Spears of spruce rise up from the water at this pristine lake, where a forest was drowned after an earthquake. The Kebin earthquake in 1911 triggered a landslide in the Tian Shan Mountains, creating a natural dam that eventually brought this glassy, 400m lake into existence, submerging part of the forest.
Corroded by time and the unrelenting salt winds that blow from the Salar de Uyuni - the world's largest salt flat - desolate train hulks sit eerily against the backdrop of a desert landscape. The Great Train Graveyard sits on the outskirts of Uyuni, a small town high up on the Andean plateau.
This massive sculpture park was a nearly 30-year labour of love - or more accurately, heartbreak. Built entirely by hand using primitive tools, the fantastical sculptures are the creation of Latvian immigrant Edward Leedskalnin who spent 28 years sculpting them out of coral stone found near his home in Florida. They comprise over 1100 tons of coral, all carved as a monument to the woman who left him a day before their planned wedding.
An ornate Italian-style chapel, which was built by prisoners of war, is now a symbol of reconciliation on the wind-blasted island of Lamb Holm, one of Scotland's Orkney Islands. In 1942, Italian prisoners of war were brought to work on causeways linking Orkney to the southern islands. When Italy capitulated in 1943, they were prisoners no more. They lobbied for a place of worship, and were soon using every spare hour to line the chapel's walls, paint frescoes, and mould a font out of concrete.
Otherwise known as the Stairway to Heaven, this flight of 3,922 steps steers itself up to the giddy apex of Oahu's breathtaking Ko'olau Mountain Range. They were created in 1943 to provide access to a top-secret radio facility but when it was decommissioned in 1950s, photographers and risk takers began using the stairs to take in the spectacular views.
Radioactive soil, termites and plant toxins - they've all been considered as causes, but despite all the science, Namibia's fairy circles are still a mystery. Dotted randomly across the eastern fringes of the Namib Desert, these countless circle patches (2m-15m in diameter) are devoid of any vegetation, their red soils standing out in a sea of golden grass.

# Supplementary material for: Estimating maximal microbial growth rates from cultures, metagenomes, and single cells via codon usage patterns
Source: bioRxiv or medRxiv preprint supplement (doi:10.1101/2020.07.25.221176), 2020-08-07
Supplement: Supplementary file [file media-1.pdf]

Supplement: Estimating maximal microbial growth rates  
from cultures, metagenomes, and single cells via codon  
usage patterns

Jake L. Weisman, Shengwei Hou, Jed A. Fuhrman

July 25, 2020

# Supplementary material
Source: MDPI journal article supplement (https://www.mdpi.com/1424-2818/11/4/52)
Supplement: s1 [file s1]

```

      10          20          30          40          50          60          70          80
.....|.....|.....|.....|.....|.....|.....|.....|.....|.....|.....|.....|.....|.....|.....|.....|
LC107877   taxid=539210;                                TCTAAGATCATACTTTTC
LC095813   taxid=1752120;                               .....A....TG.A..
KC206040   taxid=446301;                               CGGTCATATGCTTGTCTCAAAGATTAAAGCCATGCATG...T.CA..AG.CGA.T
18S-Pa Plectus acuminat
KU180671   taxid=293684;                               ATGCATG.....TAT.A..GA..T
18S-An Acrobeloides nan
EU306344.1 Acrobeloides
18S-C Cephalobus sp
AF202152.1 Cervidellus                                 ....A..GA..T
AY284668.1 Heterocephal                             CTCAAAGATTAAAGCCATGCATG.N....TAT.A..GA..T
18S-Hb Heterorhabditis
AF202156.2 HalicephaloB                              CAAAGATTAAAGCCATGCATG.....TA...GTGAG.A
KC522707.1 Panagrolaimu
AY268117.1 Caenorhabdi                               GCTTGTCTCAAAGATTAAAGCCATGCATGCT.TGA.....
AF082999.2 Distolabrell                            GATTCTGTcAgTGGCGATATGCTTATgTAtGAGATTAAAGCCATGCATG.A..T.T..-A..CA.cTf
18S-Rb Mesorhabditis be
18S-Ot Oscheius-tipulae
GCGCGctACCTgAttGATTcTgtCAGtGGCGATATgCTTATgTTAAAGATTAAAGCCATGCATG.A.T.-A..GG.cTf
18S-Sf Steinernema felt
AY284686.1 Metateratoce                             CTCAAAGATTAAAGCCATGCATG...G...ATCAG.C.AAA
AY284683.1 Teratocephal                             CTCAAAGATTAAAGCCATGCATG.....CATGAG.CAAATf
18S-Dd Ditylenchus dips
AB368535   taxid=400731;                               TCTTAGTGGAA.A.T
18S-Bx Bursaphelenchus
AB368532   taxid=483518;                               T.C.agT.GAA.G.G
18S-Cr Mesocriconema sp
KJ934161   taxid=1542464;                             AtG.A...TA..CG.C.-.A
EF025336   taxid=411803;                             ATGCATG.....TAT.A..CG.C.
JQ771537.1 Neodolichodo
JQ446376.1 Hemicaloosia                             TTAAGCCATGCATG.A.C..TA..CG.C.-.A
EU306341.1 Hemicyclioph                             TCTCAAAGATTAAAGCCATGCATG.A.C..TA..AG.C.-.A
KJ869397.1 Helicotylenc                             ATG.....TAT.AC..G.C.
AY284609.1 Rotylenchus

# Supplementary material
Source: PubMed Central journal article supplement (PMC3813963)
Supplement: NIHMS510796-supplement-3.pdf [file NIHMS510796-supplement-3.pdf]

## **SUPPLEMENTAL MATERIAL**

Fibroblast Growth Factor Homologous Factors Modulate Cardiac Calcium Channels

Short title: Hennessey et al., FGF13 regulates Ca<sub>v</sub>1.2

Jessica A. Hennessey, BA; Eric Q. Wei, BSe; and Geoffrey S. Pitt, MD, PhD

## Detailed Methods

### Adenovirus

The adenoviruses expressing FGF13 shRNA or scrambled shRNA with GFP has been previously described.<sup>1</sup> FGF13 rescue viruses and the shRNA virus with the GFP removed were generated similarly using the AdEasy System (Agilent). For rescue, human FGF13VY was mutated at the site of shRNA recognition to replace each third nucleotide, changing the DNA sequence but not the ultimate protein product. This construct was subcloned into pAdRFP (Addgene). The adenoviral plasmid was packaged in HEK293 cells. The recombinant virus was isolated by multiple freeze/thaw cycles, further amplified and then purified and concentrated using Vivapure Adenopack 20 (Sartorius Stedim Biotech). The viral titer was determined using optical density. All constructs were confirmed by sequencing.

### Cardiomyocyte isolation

Ever grumbled about noisy neighbours or dreamed of having river views? This tiny house is marooned on a rocky islet on the Drina River, the watery seam that separates Bosnia & Herzegovina and Serbia. Built in the 1960s by locals yearning for some blissful isolation, the photogenic chalet seems to defy gravity on its rocky perch, with barely enough shore space to moor a kayak.
It has taken millions of years and trillions of litres of water to sculpt out the beautiful rock formations at Vale da Lua (Moon Valley) in Brazil's Sao Miguel River. Stretching along a 1km course of water, the site is a bizarre looking series of natural rock formations, caves, waterfalls, pools and crevices. It's a bit like a water park, but without the screaming tourists or garish swimming trunks.
South of the Ohio River in Petersburg, Kentucky, lies the 18ft Sachem, its rusting prow sticking sharply out from the surrounding vegetation, the hull tilted slightly askew in the muddy banks of the river tributary. First setting sail in 1902, the boat served as a luxury yacht, carried Thomas Edison, trained naval soldiers, fought in two world wars, and appeared in a pop music video before being banished to its current isolated locale.
With its backdrop of mountains and forested shores, Reschensee is a snapshot of pristine nature - until you notice a bell tower jutting from the water. This lake in Italy's South Tyrol was created artificially by the building of a dam in 1950, merging three lakes into one. In midwinter when the lake freezes over, it is possible to walk out to the tower.
Tucked away in the fiery sandstone mountains of rugged Utah is one of the world's largest - and oldest - outdoor galleries. Nine Mile Canyon (which is actually 46 miles long, but was originally formed by Nine Mile Creek), contains thousands of ancient petroglyphs, carved by the native Fremont and Ute tribes between AD 600 and 1300. The scenes depict everything from war and sacrifice to animal husbandry and family dynamics.
Browse more extraordinary places you never knew existed in Lonely Planet's Secret Marvels of the World, priced at £19.99 and available from the Lonely Planet shop.